MTV drama programmes about HIV and AIDS shown to young people in some of the highest-risk countries in Africa and the Caribbean had a dramatic affect on attitudes to the disease, a study released on Tuesday showed.
A U.N.-backed project by the MTV music channel used television dramas designed for young people to convey messages about the risks of HIV infection from having unsafe sex, multiple partners and injecting drugs and also to give information about testing, treatment and overcoming stigma.
Researchers from the United States who studied the effect of the programmes on audiences in Kenya, Zambia and Trinidad and Tobago found they altered young people's thinking about HIV and AIDS.
New plans for MTV
MTV now plans to take the project to more countries in an effort to change attitudes.
"The results have shown a really positive change in terms of attitudes, knowledge and the sense among young people that they understand the risks and can take action to address them," said Susan Kasedde, a specialist in HIV prevention among adolescents at UNICEF, the U.N. children's fund that backed the project.
The music channel launched a campaign called "MTV Staying Alive" in 1998, and has produced films, competitions and celebrity tie-ins to educate young people about the risks of HIV and AIDS and encourage them to talk about it.
Sub-Saharan Africa remains the region most heavily affected HIV, accounting for 67 percent of the 33.4 million people living with the virus worldwide.
A study published last week found that young people in Africa were leading a "revolution" in HIV prevention and driving down rates of the disease by having safer sex and fewer sexual partners.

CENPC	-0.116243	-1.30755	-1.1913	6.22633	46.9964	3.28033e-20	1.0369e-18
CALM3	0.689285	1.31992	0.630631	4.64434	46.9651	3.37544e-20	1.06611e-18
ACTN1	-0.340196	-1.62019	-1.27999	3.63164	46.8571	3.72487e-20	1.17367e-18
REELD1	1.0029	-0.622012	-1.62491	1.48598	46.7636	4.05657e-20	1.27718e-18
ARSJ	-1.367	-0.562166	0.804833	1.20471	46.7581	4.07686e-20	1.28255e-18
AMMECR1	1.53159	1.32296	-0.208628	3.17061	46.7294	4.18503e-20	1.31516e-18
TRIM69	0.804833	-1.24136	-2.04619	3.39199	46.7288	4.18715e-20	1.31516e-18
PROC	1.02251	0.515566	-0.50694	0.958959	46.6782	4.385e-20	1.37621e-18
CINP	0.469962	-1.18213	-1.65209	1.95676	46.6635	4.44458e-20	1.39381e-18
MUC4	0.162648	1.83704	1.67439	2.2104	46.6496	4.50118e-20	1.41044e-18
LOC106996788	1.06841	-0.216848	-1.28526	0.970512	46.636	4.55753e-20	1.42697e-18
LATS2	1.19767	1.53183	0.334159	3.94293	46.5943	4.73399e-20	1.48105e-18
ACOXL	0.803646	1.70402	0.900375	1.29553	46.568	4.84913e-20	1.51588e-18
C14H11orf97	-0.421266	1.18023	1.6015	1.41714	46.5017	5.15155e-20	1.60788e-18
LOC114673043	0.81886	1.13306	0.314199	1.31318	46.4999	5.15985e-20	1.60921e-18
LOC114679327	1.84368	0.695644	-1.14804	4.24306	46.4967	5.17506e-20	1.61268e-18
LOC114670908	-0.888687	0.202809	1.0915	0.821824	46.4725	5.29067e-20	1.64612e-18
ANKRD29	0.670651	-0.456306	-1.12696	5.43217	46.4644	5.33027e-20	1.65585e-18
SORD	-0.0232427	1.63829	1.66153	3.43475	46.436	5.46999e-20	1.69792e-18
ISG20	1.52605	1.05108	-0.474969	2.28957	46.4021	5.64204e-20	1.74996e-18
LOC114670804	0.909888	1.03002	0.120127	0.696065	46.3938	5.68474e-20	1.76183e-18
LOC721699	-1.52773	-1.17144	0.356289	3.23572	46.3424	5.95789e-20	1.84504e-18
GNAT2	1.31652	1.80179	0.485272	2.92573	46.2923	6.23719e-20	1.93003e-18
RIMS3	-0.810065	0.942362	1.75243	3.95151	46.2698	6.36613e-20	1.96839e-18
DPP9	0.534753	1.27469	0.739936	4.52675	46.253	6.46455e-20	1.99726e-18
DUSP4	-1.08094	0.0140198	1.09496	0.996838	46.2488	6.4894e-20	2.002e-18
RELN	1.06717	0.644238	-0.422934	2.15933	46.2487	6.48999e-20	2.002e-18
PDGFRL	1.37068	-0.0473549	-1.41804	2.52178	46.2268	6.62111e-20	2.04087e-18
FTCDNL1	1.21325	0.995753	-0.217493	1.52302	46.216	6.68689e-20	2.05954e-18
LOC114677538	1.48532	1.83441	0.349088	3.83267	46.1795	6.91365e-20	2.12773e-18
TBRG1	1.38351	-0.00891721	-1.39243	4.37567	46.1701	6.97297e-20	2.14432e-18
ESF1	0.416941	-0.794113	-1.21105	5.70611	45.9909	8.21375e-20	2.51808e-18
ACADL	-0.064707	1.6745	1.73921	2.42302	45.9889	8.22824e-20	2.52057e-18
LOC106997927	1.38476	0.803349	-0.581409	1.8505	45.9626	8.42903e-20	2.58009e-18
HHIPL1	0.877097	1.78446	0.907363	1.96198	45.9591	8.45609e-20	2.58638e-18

Bill Roedy, chief executive of MTV Networks International, told Reuters he hoped this programme would help increase the trend towards less risky sexual behaviour in young people.
The impact of the project
Part of the MTV project was a TV series called Shuga, which first aired in Kenya in November 2009. Filmed in Nairobi, it was described as a hard-hitting drama series about "the reckless sex lives and loves of young Kenyans and their partners".
MTV asked scientists from Johns Hopkins University in the United States to analyse the impact of the programmes.
Their study found they were watched by a very high proportion of the target audience of people aged 16 to 24 - 64 percent in Nairobi - and young people said they understood and thought about its messages.
More than 80 percent of those who saw Shuga believed it changed their thinking about multiple concurrent partners, HIV testing and the stigma associated with the human immunodeficiency virus (HIV) that causes AIDS.
"These results make us determined and completely committed to continuing our campaigns globally," Roedy said. (Reuters Health/ Kate Kelland/July 2010)